You know, in full confession mode, I wasn't clear what a cliche was until a few years ago. I think I found out when I started writing more seriously and critique partners were labelling this and that "cliche." I had to look up what it meant!

    Thanks for the great information!
    Amy

  7. Joanne says:

    This is a great reference post, Janet. I like the idea of breaking them into categories. Giving them this distinction helps us be even more aware of them, and of the various ways we might use them.

  8. Candyland says:

    FABULOUS! These are things easily overlooked and I'm sure I've been guilty.

  9. Well damn. That's a lot to think about. I'm pretty sure everything I've ever done has been a cliche. I really need to think a bit more to see if it's possible to even do something that isn't.

    This actually hits on a lot of things to think about. Like, whats the difference between using a character cliche and an archetype?

  10. Melissa says:

    I didn't even realize all of these were cliches! Thank you for laying it all out for us! I want to read this dictionary.

  11. To some extent you can't weed all cliche's out, can you? Especially doublet and euphemism types. I know most can be distracting, but it feels like you could easily throw the baby out with the bathwater (see my euphemistic skillz?) by hunting down every cliche.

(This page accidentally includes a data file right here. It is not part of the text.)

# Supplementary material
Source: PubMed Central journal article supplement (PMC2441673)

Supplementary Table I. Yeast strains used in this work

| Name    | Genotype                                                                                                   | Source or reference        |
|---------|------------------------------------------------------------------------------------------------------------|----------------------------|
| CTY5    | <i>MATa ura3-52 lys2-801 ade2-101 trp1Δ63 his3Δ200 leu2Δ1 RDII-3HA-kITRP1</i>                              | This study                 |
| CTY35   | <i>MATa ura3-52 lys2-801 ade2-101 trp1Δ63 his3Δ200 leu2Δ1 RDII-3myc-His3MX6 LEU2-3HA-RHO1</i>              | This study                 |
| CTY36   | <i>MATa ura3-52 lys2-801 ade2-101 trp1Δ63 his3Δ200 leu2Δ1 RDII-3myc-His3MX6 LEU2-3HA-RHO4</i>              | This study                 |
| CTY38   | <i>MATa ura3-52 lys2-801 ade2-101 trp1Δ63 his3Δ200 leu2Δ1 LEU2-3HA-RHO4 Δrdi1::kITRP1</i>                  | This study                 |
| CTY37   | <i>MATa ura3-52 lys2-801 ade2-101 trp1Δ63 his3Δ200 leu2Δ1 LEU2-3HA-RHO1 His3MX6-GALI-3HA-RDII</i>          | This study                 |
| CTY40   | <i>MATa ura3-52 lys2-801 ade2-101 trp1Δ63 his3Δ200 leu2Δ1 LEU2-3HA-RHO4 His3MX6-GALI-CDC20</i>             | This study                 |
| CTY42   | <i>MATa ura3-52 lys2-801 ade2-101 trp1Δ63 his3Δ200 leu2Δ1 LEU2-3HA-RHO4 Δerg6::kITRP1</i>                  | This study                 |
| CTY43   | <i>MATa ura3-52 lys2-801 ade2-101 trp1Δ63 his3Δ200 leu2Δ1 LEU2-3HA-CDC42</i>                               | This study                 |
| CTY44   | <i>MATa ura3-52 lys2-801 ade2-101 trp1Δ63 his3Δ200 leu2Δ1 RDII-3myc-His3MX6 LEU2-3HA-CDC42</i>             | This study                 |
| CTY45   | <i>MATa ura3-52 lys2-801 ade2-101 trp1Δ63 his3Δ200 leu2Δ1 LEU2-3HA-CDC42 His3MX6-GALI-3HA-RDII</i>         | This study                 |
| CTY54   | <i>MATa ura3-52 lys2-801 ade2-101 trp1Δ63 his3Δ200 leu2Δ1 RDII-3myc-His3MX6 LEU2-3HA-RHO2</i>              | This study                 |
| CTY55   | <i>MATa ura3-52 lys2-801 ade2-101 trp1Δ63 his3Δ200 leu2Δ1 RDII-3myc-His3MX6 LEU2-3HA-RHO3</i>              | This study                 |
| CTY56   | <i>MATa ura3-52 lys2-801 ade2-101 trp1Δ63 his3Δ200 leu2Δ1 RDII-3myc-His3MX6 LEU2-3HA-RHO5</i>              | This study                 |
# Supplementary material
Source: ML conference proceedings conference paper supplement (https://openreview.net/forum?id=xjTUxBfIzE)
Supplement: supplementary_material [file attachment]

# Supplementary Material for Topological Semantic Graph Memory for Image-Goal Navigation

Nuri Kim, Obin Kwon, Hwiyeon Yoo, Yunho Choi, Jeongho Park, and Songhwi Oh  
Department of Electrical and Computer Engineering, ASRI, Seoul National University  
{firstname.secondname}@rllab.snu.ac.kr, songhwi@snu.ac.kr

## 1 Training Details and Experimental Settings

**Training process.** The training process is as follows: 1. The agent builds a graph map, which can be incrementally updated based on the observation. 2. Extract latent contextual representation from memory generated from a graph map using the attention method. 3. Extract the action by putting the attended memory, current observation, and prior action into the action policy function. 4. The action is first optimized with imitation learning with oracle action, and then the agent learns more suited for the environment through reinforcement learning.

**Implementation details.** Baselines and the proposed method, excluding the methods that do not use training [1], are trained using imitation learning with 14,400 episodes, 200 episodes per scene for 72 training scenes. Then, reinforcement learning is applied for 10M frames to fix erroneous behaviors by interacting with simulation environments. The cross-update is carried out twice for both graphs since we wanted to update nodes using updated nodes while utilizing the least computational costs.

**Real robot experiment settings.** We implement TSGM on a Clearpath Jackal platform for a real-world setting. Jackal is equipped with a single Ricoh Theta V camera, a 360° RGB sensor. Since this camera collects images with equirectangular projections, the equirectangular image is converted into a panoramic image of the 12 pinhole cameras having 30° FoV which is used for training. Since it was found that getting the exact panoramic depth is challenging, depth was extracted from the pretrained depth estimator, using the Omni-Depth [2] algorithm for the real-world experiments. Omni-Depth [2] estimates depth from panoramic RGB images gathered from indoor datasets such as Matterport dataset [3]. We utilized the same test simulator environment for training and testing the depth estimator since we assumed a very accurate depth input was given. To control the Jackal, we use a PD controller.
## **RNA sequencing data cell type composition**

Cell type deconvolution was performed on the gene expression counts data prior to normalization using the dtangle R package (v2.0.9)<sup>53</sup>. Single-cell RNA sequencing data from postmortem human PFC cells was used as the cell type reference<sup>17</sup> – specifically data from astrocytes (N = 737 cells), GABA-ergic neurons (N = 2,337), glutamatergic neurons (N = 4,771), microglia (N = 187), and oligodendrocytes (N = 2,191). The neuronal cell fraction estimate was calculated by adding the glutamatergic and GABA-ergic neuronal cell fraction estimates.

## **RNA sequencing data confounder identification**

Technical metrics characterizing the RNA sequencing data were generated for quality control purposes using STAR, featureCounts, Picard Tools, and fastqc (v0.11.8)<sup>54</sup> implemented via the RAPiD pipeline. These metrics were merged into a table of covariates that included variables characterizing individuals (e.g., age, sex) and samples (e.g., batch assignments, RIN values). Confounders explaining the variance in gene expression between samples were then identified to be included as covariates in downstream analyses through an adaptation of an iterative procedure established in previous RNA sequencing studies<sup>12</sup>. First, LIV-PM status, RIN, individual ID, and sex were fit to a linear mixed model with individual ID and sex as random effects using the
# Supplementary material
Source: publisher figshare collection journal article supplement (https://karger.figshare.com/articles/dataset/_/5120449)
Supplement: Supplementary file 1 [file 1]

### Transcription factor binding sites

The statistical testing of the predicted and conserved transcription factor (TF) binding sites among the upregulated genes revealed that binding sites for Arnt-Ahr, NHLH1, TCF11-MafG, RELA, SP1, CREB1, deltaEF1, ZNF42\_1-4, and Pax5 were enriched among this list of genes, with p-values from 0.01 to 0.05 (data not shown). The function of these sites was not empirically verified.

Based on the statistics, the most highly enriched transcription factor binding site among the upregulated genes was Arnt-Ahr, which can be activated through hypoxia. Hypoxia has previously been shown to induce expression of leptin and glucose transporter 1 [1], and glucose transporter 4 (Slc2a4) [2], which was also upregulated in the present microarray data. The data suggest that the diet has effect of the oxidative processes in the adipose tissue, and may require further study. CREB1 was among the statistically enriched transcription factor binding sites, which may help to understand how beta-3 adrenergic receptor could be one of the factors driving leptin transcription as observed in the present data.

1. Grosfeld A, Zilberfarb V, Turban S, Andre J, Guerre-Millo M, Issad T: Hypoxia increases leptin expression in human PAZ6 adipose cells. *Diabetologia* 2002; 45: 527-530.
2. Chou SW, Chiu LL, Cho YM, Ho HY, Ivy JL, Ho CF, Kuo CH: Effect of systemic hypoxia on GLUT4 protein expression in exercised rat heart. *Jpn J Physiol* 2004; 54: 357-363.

12. I guess that was more of a proverb or idiom…

  13. Ugh. I have to work out the kinks on my plots. I tend to gravitate toward cliches there.

  14. Emy Shin says:

    It's easy to fall into plot and character cliches–and they're much harder to recognize than cliche phrases.

  15. WritingNut says:

    This is extremely useful Janet.. thank you so much! I'm definitely guilty of that "turned to look" one. I think my characters turn to look at everything!

  16. Lynn says:

    Very informative and useful information. Sometimes I mix up cliches with over-used phrases. Those references you cited will help me alot.

  17. Victoria says:

    Great post! Would you believe I found a cliche in MTC and not only was it a cliche, it was ANACHRONISTIC! How many readers have read this thing? How often have *I* read it? An Anachronistic cliche. Ouch. That hurt.

  18. She turned to look at him–ouch from me. I have used that sooooo much and always in my revisions go back and delete delete. I didn't know there were so many categories of cliches! You made me fear for my WIP! LOL

  19. OMG! How did I miss this last week!!!!!

    You're on cool links this Friday!